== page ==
Peacekeeping in Africa: The Importance of the Regional?
Violent conflict continues to be a drain on Africa economically, and a disruption politically. Efforts at conflict prevention and peacekeeping have grown in scale with the UN firmly in the lead in the latter with substantial missions in Mali, the Central African Republic, South Sudan and the Democratic Republic of Congo. The African Union Peace and Security Architecture continues to develop with the aspiration to replace the UN as the focus for peace and security in Africa. Key to the African Union’s success will be its relationships with the regional organisations within the continent although the development of these is inconsistent. Whilst ECOWAS continues to develop strongly in West Africa for example, North Africa regional organisations generally remain underdeveloped. Given the continuing need to build peace and security across Africa, perhaps the focus at this time should switch from the regions to the state with the African Union acting as a broker in bringing together ‘coalitions of the willing’?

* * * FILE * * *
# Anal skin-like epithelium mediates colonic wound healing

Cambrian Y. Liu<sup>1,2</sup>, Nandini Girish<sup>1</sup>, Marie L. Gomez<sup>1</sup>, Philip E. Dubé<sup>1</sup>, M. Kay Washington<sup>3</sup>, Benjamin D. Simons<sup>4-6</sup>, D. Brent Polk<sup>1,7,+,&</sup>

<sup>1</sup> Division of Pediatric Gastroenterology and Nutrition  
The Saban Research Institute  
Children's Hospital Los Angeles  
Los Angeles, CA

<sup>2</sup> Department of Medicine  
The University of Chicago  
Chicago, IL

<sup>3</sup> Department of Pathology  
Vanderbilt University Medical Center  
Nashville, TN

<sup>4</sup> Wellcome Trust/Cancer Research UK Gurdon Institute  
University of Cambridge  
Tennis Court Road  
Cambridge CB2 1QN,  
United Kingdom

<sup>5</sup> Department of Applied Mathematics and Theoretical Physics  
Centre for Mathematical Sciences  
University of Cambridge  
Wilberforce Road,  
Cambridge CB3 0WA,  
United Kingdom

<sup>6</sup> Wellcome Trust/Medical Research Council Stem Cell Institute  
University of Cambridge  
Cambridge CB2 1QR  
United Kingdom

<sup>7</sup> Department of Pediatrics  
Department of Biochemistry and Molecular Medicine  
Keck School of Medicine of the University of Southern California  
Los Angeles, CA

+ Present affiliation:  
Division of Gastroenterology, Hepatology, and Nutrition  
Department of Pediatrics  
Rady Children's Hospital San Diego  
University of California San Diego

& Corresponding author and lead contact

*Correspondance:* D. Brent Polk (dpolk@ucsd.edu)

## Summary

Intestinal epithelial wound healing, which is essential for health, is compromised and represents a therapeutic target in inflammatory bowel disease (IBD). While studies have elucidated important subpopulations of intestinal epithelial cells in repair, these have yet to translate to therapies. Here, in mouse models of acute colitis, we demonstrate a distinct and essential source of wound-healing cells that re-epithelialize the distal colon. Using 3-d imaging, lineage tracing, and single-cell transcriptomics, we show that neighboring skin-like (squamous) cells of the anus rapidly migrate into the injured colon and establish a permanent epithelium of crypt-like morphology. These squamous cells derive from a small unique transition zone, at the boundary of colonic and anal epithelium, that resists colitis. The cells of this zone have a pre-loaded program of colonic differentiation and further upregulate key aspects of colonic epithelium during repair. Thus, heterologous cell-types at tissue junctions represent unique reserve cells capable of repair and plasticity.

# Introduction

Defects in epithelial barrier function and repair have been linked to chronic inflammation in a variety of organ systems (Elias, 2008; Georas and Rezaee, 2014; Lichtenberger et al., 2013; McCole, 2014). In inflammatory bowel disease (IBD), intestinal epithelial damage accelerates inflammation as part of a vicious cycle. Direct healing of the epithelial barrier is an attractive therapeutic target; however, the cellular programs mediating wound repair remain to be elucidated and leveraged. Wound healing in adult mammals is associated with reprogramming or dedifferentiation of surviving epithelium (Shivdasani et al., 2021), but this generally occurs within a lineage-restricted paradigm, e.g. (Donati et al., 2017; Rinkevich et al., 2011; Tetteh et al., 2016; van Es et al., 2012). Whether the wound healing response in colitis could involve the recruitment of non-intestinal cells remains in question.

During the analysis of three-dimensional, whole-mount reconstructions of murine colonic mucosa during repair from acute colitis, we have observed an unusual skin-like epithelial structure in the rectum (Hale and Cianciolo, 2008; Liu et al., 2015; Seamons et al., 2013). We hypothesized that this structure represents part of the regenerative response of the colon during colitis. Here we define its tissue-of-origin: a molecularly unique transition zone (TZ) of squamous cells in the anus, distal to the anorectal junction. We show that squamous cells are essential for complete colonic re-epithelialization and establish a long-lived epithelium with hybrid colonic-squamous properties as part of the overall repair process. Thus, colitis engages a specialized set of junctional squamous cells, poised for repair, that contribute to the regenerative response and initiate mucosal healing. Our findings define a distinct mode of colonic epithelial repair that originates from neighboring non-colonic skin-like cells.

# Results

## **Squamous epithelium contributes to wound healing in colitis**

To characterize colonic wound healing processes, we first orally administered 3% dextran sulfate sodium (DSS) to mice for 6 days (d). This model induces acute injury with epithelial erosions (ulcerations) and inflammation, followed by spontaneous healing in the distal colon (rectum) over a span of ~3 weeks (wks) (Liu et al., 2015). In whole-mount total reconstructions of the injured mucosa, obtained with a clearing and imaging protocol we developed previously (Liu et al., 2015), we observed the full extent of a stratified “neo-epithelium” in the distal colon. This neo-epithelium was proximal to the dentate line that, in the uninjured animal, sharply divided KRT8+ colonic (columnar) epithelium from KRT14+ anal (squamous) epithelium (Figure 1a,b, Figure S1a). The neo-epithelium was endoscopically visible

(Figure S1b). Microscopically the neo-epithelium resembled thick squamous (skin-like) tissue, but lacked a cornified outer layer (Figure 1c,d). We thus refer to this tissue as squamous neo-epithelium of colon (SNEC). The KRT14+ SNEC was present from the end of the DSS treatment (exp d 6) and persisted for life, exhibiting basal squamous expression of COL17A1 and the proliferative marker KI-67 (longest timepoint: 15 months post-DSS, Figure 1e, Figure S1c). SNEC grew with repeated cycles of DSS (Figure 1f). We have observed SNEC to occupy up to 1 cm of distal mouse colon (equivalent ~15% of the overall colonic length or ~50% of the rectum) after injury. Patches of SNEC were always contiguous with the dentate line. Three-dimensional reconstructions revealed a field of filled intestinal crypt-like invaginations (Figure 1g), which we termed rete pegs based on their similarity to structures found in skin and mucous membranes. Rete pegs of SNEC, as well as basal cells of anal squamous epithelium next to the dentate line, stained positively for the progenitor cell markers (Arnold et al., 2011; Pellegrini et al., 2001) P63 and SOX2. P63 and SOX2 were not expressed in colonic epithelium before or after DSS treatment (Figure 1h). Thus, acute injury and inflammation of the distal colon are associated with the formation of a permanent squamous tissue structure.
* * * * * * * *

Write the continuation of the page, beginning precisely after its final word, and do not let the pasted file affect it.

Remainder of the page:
Whilst there are many positive social and economic developments on the African continent, conflict remains widespread disrupting that economic potential and impoverishing the lives of millions. It is perhaps unsurprising then that Africa remains the focus for much of the world’s efforts at peacekeeping with substantial missions centred on Mali, the Central African Republic (CAR), South Sudan, and the Democratic Republic of Congo (DRC) as well as in Somalia and Darfur. Spill overs from these as well as other local conflicts impacts on neighbours and regional networks such that efforts at conflict prevention and conflict management are widespread. Whilst the UN remains at the heart of efforts to reduce the impact of conflict globally there is increasing attention being paid to the role of regional organisations. Indeed, after a year in charge, the agenda of the UN Secretary General Antonio Guterres is becoming clearer and the focus is unsurprisingly on the need for more focus on smaller missions aimed at preventing conflict rather than the big multi-dimensional missions mainly found in Africa and highlighted above. In particular there is a sense of frustration amongst some in New York that some of these large missions arise from the failure of initial efforts led by the African Union (AU) and that the smaller missions in turn need a more regional focus.